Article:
For the record, my bottom was perfectly dry, though my cold, stiff feet had long since shriveled up like prunes. But I finished that walk! What's a little rain?
I've continued to take Lola on my solo walks, always sticking to the neighborhood streets and avoiding the park, which is infested with other dogs. About a week ago, we were strolling down an empty street when Lola suddenly stopped in her tracks, stiff as a statue.
I followed her gaze to the yard on my right, where a giant inflatable cat with glowing eyes moved its head back and forth, looking ready to pounce.
"Come on, Lola," I coaxed, trying to pull her along down the sidewalk. Lola whined and lunged into the street, taking me with her. Thankfully there were no cars coming. I tried to drag her back onto the sidewalk, but she pulled harder the other way, wrapping her leash around the tree in the foreground. I finally gave up and walked in the street until the cat was well out of sight.
"Scaredy-dog," I taunted.
Want to Go For a Walk? Never Mind
A few nights later, my dear friend and 3-Day partner Gentle came over to walk with me. Lola, who was in the kitchen for some reason, followed me around as I filled my water bottles and slipped them into my belt. When she heard the jingle of the mace whistle I always wear on our walks, she began to dance for joy, almost tripping me up. She was glued to my side as I completed my preparations.
"Lola, you're not coming this time" I said gently. "Gentle and I are walking in the park, and you just can't go there again. Ever. I'm sorry."
She continued her leaping dance, literally turning circles in the air.
I felt so rotten. "Not this time, Lola," I repeated. "Allyson, would you put Lola out, please?"
Allyson led Lola onto the back porch, but before she could close the screen door, Lola darted back in and ran up to my side, whining. I took her back out and closed the door myself. "I'll take you for a walk tomorrow," I promised.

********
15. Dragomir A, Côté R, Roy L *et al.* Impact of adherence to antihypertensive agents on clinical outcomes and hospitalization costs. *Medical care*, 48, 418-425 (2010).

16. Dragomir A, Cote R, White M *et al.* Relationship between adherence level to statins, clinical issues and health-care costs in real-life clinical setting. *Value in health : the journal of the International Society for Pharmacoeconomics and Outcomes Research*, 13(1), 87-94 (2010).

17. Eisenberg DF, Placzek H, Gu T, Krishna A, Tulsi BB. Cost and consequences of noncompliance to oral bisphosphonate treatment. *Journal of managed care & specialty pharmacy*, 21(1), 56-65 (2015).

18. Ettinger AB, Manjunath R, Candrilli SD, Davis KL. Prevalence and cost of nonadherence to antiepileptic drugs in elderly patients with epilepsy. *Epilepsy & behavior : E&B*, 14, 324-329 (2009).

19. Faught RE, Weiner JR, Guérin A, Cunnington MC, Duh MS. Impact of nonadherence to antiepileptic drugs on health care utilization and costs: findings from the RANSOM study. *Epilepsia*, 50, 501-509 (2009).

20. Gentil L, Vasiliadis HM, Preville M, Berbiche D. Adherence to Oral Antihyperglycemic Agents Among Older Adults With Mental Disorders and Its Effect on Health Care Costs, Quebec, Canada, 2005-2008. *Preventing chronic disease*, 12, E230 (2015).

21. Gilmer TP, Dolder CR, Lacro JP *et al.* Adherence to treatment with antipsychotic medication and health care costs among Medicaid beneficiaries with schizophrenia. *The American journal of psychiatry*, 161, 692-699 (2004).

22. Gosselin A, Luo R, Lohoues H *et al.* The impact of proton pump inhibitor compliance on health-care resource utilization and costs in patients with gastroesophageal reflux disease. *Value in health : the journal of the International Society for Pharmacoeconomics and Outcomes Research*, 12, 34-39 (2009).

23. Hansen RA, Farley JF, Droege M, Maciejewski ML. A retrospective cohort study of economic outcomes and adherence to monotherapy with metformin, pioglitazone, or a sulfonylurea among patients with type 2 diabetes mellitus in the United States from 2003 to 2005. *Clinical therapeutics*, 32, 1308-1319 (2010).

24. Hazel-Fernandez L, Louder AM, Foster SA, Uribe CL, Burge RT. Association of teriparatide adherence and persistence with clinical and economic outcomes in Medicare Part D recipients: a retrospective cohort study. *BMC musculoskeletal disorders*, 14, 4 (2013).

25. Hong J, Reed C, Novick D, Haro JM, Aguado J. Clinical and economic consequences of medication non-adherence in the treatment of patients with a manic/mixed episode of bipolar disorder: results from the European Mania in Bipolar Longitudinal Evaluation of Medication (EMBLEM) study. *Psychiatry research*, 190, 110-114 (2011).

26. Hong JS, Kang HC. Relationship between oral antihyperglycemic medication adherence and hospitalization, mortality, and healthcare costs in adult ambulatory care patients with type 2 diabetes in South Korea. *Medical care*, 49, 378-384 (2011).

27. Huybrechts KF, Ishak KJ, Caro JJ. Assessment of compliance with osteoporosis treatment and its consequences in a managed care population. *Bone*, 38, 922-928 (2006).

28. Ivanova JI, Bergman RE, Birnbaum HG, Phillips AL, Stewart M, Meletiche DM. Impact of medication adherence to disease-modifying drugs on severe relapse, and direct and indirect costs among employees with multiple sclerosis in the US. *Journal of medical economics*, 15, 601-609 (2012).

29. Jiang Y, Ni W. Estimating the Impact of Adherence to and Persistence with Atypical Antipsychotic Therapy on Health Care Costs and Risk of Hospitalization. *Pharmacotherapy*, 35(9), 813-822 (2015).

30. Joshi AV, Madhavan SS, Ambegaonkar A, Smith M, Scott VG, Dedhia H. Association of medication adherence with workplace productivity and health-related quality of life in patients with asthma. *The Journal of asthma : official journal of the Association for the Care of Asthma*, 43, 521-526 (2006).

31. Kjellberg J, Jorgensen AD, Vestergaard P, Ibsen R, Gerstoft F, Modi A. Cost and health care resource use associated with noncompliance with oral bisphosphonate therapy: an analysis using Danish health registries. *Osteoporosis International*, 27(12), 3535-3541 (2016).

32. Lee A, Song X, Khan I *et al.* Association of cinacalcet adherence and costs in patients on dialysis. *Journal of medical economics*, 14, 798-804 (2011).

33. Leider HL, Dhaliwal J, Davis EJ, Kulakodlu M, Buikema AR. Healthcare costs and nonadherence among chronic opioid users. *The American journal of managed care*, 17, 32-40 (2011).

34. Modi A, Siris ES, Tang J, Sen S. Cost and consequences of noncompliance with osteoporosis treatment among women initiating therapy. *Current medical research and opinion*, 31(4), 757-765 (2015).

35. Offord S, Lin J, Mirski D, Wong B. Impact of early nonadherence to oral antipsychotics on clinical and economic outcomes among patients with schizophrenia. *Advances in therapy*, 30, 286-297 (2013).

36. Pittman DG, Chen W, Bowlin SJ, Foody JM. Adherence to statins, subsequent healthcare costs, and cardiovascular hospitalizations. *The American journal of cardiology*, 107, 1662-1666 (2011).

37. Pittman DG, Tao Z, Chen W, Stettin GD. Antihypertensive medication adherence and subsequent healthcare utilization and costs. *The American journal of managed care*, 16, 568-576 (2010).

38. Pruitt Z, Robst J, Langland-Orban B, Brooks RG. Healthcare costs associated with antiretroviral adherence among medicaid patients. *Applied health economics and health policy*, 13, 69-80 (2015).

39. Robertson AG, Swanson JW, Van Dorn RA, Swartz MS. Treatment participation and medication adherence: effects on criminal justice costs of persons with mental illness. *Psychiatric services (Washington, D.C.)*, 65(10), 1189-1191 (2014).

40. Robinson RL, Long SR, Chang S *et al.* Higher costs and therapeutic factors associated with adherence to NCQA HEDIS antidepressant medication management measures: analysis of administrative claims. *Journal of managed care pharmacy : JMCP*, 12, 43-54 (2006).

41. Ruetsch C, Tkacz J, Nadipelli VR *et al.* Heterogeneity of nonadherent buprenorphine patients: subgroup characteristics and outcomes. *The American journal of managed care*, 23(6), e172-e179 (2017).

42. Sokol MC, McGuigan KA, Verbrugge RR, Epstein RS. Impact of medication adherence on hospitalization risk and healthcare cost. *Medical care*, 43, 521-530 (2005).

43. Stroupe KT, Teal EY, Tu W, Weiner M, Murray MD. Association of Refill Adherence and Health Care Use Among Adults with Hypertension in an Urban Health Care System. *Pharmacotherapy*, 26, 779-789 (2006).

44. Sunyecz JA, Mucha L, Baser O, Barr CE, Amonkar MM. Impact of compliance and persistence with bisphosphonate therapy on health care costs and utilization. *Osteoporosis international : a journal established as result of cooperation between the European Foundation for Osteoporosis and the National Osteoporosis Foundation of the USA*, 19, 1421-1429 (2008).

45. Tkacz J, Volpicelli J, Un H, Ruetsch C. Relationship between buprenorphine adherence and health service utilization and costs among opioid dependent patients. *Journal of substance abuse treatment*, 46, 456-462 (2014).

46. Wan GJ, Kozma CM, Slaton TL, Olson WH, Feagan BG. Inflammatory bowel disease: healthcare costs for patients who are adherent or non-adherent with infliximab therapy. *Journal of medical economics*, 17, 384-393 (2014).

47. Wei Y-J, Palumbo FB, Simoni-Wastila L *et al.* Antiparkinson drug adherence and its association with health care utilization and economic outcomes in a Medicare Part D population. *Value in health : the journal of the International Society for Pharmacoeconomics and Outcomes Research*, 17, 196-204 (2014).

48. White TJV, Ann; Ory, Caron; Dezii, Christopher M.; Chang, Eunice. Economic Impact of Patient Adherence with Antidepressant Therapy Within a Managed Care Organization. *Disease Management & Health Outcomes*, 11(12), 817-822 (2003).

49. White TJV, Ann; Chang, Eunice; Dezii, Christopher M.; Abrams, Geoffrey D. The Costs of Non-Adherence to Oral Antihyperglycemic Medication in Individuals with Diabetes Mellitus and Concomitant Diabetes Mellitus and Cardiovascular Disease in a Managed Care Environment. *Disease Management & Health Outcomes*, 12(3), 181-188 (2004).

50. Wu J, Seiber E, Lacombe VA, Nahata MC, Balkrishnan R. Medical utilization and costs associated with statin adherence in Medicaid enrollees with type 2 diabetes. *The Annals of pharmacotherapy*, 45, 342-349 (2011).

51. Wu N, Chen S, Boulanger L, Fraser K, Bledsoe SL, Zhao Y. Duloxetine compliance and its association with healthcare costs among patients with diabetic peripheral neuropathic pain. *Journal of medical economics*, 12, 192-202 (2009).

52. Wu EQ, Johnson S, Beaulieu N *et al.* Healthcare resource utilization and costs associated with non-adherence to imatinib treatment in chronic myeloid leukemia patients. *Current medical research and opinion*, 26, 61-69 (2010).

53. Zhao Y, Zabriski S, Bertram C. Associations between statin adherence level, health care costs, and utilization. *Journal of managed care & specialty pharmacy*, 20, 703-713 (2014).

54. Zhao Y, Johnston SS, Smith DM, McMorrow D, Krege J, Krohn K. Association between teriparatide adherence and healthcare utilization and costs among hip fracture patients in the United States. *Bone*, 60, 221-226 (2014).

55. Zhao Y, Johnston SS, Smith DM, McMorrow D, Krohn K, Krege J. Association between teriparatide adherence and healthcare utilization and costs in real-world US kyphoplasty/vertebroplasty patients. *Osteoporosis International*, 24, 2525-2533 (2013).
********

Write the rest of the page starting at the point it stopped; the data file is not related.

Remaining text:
"Why are you being mean to the dog?" Bill asked. "Why did you get that fancy leash and make her think you were going to walk her every day, but now you just leave her at home?"
I pursed my lips. "If she didn't lunge at every dog she sees, I could take her with me."
Gentle arrived just then, and I didn't give Lola another thought. But she had not forgotten. When I got back home over an hour later, she was still waiting at the back door. Her tail started thumping the moment she saw me.
"We're not going for a walk," I said.
This time Lola actually seemed to understand my words, and she started to cry. I don't mean the usual whining. It was the closest thing to sobbing that I've ever heard from a dog. She cried and cried. I knelt on the other side of the screen door and spoke softly to her. "I'll take you for a walk tomorrow, Lola. I promise."
She continued to whine.
"You broke Lola's heart," Bill accused.
"She's breaking my heart now, so we're even," I said. It was true. I never expected to get so attached to her, despite all our struggles.
True to my word, I did take her for a short walk the next night. And all was forgiven.
But Bill won't stop teasing. At random moments he walks up to the open screen door and says, "Wanna go for a walk? Oh, never mind." But she doesn't fall for it. She knows it's only walk time when I'm wearing the shoes and the water belt and the whistle. And carrying the poop bag.